What happens with mitosis?

The process of mitosis is understood to mean the simple division of the nucleus, where at the end of a cell two identical daughter cells are formed. The function of mitosis is therefore the proliferation of cells.
In humans and animals virtually new cells are formed. Whether in growth, regeneration of injuries or the replacement of old cells, mitosis is responsible for the formation of new cells.
Mitosis is strictly distinguishable from meiosis, which reduces the number of chromosomes. See also: Comparison of mitosis and meiosis
Mitosis can be divided into the phases prophase, metaphase, anaphase and telophase:


The chromosomes, consisting of two identical chromatid strands (the red X in the brown cell nucleus in the figure), shorten and condense by being unfolded in the cell nucleus. Thereby they are brought into a, for mitosis necessary, transportable form.
In a prometaphase the surrounded kernel covers and releases chromosomes. In addition, the spindle apparatuses form on the edge of the cell. These consist of microtuboli and are important for transport of chromatids to poles later.
There is disagreement in science as to whether prometaphase is considered a separate phase or should be added to prophase. Regardless of how one decides, the prometaphase is mentioned here at least for the sake of completeness.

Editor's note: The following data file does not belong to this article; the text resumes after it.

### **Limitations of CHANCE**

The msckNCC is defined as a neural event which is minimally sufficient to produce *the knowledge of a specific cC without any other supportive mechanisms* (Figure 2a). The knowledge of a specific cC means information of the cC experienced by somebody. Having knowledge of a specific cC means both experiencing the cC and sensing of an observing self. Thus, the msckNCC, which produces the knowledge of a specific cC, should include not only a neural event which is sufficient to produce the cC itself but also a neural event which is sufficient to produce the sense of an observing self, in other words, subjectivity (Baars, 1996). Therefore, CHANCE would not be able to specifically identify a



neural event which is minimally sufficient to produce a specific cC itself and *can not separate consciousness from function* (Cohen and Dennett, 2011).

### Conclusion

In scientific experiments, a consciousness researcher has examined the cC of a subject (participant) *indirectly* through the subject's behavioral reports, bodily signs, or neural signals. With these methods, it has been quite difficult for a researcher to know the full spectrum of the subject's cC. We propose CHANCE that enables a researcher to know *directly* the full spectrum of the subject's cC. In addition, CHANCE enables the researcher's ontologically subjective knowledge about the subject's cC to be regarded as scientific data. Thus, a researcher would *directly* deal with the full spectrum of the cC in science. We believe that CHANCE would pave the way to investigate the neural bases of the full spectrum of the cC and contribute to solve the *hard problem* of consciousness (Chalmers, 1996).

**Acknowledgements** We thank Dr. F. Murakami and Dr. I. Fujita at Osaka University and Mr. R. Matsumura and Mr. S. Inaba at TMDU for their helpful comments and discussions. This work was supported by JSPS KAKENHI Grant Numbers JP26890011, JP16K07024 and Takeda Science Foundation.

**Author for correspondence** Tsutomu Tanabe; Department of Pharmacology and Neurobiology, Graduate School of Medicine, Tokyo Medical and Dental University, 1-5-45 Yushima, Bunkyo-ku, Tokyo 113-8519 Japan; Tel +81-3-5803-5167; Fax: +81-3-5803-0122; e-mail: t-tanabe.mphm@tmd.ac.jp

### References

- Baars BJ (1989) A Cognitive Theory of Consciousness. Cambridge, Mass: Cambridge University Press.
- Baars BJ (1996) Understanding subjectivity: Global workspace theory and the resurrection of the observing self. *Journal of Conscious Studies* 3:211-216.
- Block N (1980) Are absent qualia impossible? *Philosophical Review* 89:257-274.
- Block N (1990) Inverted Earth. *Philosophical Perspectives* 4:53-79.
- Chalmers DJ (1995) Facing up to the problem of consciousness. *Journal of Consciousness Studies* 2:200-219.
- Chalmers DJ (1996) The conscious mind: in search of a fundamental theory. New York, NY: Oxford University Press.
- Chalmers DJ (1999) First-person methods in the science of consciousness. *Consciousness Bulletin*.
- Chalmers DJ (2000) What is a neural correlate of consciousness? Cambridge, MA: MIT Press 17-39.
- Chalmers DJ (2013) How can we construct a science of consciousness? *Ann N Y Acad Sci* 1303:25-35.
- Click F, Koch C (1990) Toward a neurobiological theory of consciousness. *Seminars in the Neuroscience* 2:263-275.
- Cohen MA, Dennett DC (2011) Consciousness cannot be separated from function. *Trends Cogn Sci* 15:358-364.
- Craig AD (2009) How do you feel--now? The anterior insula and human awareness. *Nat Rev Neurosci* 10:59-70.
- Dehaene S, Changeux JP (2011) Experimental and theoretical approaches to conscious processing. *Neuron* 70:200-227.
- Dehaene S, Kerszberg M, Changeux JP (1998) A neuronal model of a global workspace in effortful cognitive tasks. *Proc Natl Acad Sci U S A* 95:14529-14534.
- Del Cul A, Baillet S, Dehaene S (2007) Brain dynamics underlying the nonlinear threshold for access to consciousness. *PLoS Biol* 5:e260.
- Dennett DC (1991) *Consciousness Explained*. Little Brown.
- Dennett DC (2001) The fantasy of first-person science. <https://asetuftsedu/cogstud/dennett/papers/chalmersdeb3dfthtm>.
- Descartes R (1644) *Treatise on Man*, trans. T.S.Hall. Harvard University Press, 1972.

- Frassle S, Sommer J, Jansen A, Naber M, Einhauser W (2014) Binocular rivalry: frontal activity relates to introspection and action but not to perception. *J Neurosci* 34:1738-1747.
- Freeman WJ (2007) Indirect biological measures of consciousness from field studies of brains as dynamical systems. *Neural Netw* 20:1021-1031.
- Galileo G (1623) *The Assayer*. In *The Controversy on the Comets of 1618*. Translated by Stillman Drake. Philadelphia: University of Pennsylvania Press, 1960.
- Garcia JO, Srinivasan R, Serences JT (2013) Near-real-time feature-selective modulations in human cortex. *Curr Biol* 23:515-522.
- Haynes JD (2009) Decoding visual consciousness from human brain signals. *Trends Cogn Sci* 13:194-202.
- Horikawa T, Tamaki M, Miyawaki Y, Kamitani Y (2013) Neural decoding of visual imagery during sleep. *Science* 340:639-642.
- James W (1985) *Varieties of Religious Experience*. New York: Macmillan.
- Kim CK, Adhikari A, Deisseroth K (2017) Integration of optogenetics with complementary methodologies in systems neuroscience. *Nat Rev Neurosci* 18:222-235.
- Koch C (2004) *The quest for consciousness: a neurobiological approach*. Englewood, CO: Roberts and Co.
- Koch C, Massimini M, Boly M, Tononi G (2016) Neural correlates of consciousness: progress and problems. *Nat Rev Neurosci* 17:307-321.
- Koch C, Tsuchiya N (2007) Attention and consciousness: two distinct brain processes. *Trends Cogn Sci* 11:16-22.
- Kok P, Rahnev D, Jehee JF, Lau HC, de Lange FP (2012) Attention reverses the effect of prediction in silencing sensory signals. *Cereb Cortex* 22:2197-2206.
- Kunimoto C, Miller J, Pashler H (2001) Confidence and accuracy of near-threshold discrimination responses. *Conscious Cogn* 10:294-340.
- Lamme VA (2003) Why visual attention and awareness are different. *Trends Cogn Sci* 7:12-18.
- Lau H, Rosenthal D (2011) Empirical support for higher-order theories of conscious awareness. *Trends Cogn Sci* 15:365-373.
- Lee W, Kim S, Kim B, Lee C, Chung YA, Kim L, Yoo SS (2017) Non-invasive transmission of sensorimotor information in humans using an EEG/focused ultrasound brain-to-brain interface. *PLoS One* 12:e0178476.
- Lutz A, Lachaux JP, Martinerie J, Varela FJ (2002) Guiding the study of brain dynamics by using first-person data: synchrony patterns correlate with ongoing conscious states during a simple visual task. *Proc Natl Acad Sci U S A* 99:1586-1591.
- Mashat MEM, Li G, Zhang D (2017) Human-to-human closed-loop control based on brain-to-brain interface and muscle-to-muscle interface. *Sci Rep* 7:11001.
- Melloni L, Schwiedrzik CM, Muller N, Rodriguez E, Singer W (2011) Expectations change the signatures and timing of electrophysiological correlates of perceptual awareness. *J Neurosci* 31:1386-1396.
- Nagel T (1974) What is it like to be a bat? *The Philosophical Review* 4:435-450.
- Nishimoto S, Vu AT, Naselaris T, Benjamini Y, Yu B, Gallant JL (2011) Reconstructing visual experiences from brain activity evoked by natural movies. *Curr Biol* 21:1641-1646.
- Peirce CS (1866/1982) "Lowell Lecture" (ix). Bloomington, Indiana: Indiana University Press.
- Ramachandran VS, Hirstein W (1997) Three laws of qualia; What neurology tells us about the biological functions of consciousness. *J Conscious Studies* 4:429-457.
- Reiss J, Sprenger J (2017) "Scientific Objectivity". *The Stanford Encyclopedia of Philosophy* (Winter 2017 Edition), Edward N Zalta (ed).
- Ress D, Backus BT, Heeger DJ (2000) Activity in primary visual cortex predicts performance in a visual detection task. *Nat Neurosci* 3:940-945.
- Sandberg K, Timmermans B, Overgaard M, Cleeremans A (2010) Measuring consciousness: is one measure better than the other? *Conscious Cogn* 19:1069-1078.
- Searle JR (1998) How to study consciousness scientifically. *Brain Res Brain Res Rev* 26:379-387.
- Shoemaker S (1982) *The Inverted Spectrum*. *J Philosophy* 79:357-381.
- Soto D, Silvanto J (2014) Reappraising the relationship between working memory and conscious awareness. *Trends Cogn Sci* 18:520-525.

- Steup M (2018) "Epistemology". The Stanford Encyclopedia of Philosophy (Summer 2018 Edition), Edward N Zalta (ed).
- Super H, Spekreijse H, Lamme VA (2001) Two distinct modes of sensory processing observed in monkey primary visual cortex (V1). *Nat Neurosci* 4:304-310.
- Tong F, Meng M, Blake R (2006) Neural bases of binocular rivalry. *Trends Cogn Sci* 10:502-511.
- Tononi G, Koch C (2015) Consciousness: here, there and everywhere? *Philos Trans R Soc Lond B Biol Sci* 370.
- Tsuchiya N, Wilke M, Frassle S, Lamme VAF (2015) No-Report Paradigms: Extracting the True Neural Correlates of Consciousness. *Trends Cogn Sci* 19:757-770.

In the equatorial plane of the cell, the chromosomes arrange themselves. The spindle fibers (blue lines in the picture) now "dock" to the centromeres of the chromosomes. The centromere connects the two chromatids.


The spindle-mounted spindle fibers shorten and provide a pulling action. This separates the chromosomes into their two chromatid strands and pulls them to the opposite poles.
This means that each chromosome now has an identical chromatid strand at both poles.


Around the chromatid strands, a nuclear envelope now forms on both poles. The chromosomes are unfolded back to their original form. In addition, the division of the cell (cytokinesis) takes place in parallel, because there is only one cell with two nuclear shells (see right). The cytosyl (cell plasma) including the cell components is divided between the two daughter cells. Only in the context of interphase cell division is completed.


The interphase strictly speaking does not belong to the actual mitosis. It describes the period between the last and the next cell division.
In the two now formed nuclear shells are only one-order chromatids. For a new mitosis, however, the chromosomes must again be in the form of a double. This happens in the context of replication, so that afterwards each chromosome again consists of two identical chromatid strands. The process of mitosis can now start anew.